In our view, azithromycin is effective in preventing asthma exacerbations when inhaled corticosteroids and long-acting beta 2-agonists are not enough, and the use of biologic drugs is not feasible or ineffective. Benefits include the reduction of reported symptoms, improved quality of life scores, and reduction of exacerbations as well as improved pulmonary function tests. These benefits are likely to be mediated by preventing respiratory infections, enhancing viral inactivation, and anti-inflammatory effects of macrolides. Long-term azithromycin therapy is to be reserved for patients at highest risk for exacerbations and preferably restricted to months of autumn and winter when most respiratory viral infections occur. It is best used for patients with frequent exacerbations who are not candidates for biologics therapy; for example, neutrophilic asthma, and in situ ations where biologic drugs are not available or unaffordable.

The long-term antibiotics resistance is a concern and needs to be addressed in future studies.[14] Azithromycin is a safe drug with diarrhea as the most frequently reported side effect. Before the initiation of the drug, a precautionary measure is to exclude patients with prolongation of QT interval and/or hearing impairment. The ideal dose is 500 mg three times per week for 48 weeks.

Financial support and sponsorship

Nil.

Conflicts of interest

There are no conflicts of interest.



 
   References Top

1.
Hara K, Suyama N, Yamaguchi K, Kohno S, Saito A. Activity of macrolides against organisms responsible for respiratory infection with emphasis on Mycoplasma and Legionella. J Antimicrob Chemother 1987;20 Suppl B:75-80.  Back to cited text no. 1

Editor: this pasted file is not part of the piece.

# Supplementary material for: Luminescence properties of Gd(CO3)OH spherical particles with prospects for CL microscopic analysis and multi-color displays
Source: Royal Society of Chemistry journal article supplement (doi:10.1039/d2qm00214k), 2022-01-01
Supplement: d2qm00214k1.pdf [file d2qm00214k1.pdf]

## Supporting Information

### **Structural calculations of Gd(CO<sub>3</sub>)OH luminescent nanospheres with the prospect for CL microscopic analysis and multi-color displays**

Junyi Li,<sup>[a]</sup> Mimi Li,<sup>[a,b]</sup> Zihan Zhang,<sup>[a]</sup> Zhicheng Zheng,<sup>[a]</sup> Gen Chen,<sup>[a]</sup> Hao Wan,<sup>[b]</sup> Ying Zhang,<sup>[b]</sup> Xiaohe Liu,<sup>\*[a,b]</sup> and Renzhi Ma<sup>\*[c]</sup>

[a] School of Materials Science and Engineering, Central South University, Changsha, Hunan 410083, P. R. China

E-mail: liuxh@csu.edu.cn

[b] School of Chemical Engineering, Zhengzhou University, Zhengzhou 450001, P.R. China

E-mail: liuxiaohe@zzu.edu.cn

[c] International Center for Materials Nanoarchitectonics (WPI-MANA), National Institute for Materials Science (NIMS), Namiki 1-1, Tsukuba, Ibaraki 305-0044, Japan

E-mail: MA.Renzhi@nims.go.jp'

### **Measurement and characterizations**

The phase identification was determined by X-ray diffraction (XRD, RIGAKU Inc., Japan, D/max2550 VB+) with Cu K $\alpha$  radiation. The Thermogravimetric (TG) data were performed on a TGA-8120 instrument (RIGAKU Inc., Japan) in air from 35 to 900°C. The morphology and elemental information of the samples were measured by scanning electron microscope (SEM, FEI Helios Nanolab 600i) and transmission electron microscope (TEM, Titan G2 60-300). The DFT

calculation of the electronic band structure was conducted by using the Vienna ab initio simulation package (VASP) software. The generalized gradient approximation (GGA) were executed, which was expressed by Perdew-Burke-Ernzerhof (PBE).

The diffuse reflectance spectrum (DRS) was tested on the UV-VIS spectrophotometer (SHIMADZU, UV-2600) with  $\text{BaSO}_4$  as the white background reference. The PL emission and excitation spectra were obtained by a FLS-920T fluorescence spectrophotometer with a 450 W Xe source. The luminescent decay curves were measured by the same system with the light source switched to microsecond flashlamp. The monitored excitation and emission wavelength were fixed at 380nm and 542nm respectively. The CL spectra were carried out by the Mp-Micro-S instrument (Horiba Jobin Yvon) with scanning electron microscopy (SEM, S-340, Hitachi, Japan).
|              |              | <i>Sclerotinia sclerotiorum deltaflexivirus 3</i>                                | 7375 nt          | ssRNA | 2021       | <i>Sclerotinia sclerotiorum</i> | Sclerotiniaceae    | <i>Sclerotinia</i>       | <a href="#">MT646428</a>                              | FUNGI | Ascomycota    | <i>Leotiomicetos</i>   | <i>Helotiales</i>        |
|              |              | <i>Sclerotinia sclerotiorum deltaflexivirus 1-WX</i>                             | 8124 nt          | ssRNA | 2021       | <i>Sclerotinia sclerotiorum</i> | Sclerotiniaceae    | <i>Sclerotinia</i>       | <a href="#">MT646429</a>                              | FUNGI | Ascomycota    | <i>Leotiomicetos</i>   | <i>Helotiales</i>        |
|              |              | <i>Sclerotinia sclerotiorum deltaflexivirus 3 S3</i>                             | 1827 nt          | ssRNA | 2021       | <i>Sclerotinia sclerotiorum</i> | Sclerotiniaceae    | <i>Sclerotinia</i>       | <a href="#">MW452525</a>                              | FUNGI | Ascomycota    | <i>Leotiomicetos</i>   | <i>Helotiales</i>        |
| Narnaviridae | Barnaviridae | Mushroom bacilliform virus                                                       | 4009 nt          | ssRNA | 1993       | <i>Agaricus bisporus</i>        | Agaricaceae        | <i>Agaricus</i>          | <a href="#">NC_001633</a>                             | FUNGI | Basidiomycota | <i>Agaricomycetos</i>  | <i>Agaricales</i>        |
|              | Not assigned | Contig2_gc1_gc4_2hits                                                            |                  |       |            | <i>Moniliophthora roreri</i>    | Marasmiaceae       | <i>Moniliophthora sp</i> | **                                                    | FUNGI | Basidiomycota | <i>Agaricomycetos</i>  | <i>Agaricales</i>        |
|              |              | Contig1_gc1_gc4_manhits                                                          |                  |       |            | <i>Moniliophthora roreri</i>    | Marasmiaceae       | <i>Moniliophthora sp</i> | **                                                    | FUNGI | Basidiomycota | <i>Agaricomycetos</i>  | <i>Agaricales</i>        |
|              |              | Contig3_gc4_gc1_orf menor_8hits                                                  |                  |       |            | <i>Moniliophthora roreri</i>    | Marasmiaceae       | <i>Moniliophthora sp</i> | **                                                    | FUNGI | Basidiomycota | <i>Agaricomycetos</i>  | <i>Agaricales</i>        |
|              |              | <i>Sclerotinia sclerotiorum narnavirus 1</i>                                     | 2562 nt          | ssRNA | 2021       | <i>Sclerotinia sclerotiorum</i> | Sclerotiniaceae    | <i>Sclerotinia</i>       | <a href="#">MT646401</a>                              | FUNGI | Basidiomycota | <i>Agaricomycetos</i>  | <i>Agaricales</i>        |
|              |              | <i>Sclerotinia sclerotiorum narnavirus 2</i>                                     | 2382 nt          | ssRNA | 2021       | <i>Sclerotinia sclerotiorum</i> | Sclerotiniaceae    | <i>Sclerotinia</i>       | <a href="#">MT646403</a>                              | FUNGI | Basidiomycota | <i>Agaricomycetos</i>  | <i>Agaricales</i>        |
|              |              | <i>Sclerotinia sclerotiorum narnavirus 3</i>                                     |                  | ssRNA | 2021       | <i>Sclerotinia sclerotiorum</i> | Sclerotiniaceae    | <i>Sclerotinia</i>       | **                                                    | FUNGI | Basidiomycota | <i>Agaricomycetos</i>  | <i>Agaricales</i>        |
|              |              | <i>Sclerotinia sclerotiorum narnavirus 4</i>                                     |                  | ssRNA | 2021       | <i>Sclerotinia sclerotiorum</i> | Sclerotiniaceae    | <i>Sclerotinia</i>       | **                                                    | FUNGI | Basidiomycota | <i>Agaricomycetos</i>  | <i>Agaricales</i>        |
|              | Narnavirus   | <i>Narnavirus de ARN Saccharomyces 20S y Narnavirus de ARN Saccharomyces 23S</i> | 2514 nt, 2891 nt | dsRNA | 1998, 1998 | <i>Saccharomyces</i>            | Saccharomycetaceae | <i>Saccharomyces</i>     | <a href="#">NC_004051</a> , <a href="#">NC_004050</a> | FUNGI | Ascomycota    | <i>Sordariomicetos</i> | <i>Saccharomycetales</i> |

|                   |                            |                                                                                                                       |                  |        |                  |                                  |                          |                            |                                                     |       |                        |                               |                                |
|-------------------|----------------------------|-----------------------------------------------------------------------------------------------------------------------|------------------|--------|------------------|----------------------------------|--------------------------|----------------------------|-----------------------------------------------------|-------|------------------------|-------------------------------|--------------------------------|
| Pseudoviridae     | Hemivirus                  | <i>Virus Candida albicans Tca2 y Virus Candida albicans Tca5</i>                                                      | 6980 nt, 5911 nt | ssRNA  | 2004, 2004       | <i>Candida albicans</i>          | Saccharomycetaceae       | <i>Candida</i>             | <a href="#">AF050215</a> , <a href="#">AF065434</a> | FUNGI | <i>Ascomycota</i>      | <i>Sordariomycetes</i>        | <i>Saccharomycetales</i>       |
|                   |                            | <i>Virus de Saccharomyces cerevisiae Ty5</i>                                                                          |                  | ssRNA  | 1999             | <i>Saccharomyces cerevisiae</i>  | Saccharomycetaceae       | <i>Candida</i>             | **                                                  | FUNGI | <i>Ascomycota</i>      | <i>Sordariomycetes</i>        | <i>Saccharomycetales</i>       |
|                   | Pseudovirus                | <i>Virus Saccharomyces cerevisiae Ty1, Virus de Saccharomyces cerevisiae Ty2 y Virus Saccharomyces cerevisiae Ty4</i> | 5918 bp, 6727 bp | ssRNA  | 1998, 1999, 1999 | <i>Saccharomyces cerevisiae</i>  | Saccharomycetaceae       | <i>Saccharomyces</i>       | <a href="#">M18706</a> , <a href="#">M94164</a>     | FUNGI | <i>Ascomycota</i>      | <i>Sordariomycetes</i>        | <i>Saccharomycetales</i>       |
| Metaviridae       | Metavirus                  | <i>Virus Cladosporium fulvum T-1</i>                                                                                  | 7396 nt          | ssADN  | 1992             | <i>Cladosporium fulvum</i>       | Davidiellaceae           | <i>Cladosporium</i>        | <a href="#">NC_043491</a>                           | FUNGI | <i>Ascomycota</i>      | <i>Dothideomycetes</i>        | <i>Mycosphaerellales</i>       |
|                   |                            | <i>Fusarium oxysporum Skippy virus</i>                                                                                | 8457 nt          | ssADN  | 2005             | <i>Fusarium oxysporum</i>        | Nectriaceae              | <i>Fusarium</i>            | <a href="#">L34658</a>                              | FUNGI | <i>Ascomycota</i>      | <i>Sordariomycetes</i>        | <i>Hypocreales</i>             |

2.
Guzik J, Patel G, Kothari P, Sharp M, Ostrowsky B, UHF Outpatient ASP Collaborative Team. Antibiotic prescribing for acute respiratory infections in New York City: A model for collaboration. Infect Control Hosp Epidemiol 2018;39:1360-6.  Back to cited text no. 2
    
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Sun XJ, He ZY. Macrolides for treatment of chronic obstructive pulmonary disease. Chin Med J (Engl) 2019;132:1261-3.  Back to cited text no. 3
    
4.
Laska IF, Chalmers JD. Treatment to prevent exacerbations in bronchiectasis: macrolides as first line?. Eur Respir J 2019;54:1901213.  Back to cited text no. 4
    
5.
Luisi F, Gandolfi TD, Daudt AD, Sanvitto JP, Pitrez PM, Pinto LA. Anti-inflammatory effects of macrolides in childhood lung diseases. J Bras Pneumol 2012;38:786-96.  Back to cited text no. 5
    
6.
Lei WT, Lin HH, Tsai MC, Hung HH, Cheng YJ, Liu SJ, et al. The effects of macrolides in children with reactive airway disease: A systematic review and meta-analysis of randomized controlled trials. Drug Des Devel Ther 2018;12:3825-45.  Back to cited text no. 6
    
7.
Mauricio AP, Bacharier LB, Castro-Rodriguez JA. Efficacy of Macrolides on Acute Asthma or Wheezing Exacerbations in Children with Recurrent Wheezing: A Systematic Review and Meta-analysis. Pediatric Drugs 2020. p. 1-12.  Back to cited text no. 7
    
8.
Reddel HK. The Impact of the Global Initiative for Asthma (GINA): Compass, Concepts, Controversies and Challenges. BRN Rev 2019;5:4-18.  Back to cited text no. 8
    
9.
Al-Moamary MS, Alhaider SA, Alangari AA, Al Ghobain MO, Zeitouni MO, Idrees MM, et al. The Saudi initiative for asthma – 2019 update: Guidelines for the diagnosis and management of asthma in adults and children. Ann Thorac Med 2019;14:3-48.  Back to cited text no. 9
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10.
Wang X, Luo J, Wang D, Liu B, Liu C. The efficacy and safety of long-term add-on treatment of azithromycin in asthma: A systematic review and meta-analysis. Medicine (Baltimore) 2019;98:e17190.  Back to cited text no. 10
    
11.
Kew KM, Undela K, Kotortsi I, Ferrara, G. Macrolides for chronic asthma. Cochrane Database Syst Rev 2015;9:CD002997.  Back to cited text no. 11
    
12.
Brusselle GG, Vanderstichele C, Jordens P, Deman R, Slabbynck H, Ringoet V, et al. Azithromycin for prevention of exacerbations in severe asthma (AZISAST): A multicentre randomised double-blind placebo-controlled trial. Thora×2013;68:322-9.  Back to cited text no. 12
    
13.
Gibson PG, Yang IA, Upham JW, Reynolds PN, Hodge S, James AL, et al. Efficacy of azithromycin in severe asthma from the AMAZES randomised trial. ERJ Open Res 2019;5. pii: 00056-2019.  Back to cited text no. 13
    
14.
Edelstein PH. Azithromycin phenotypic versus clinical resistance. Antimicrob Agents Chemother 2019;64. pii: E01986-19.  Back to cited text no. 14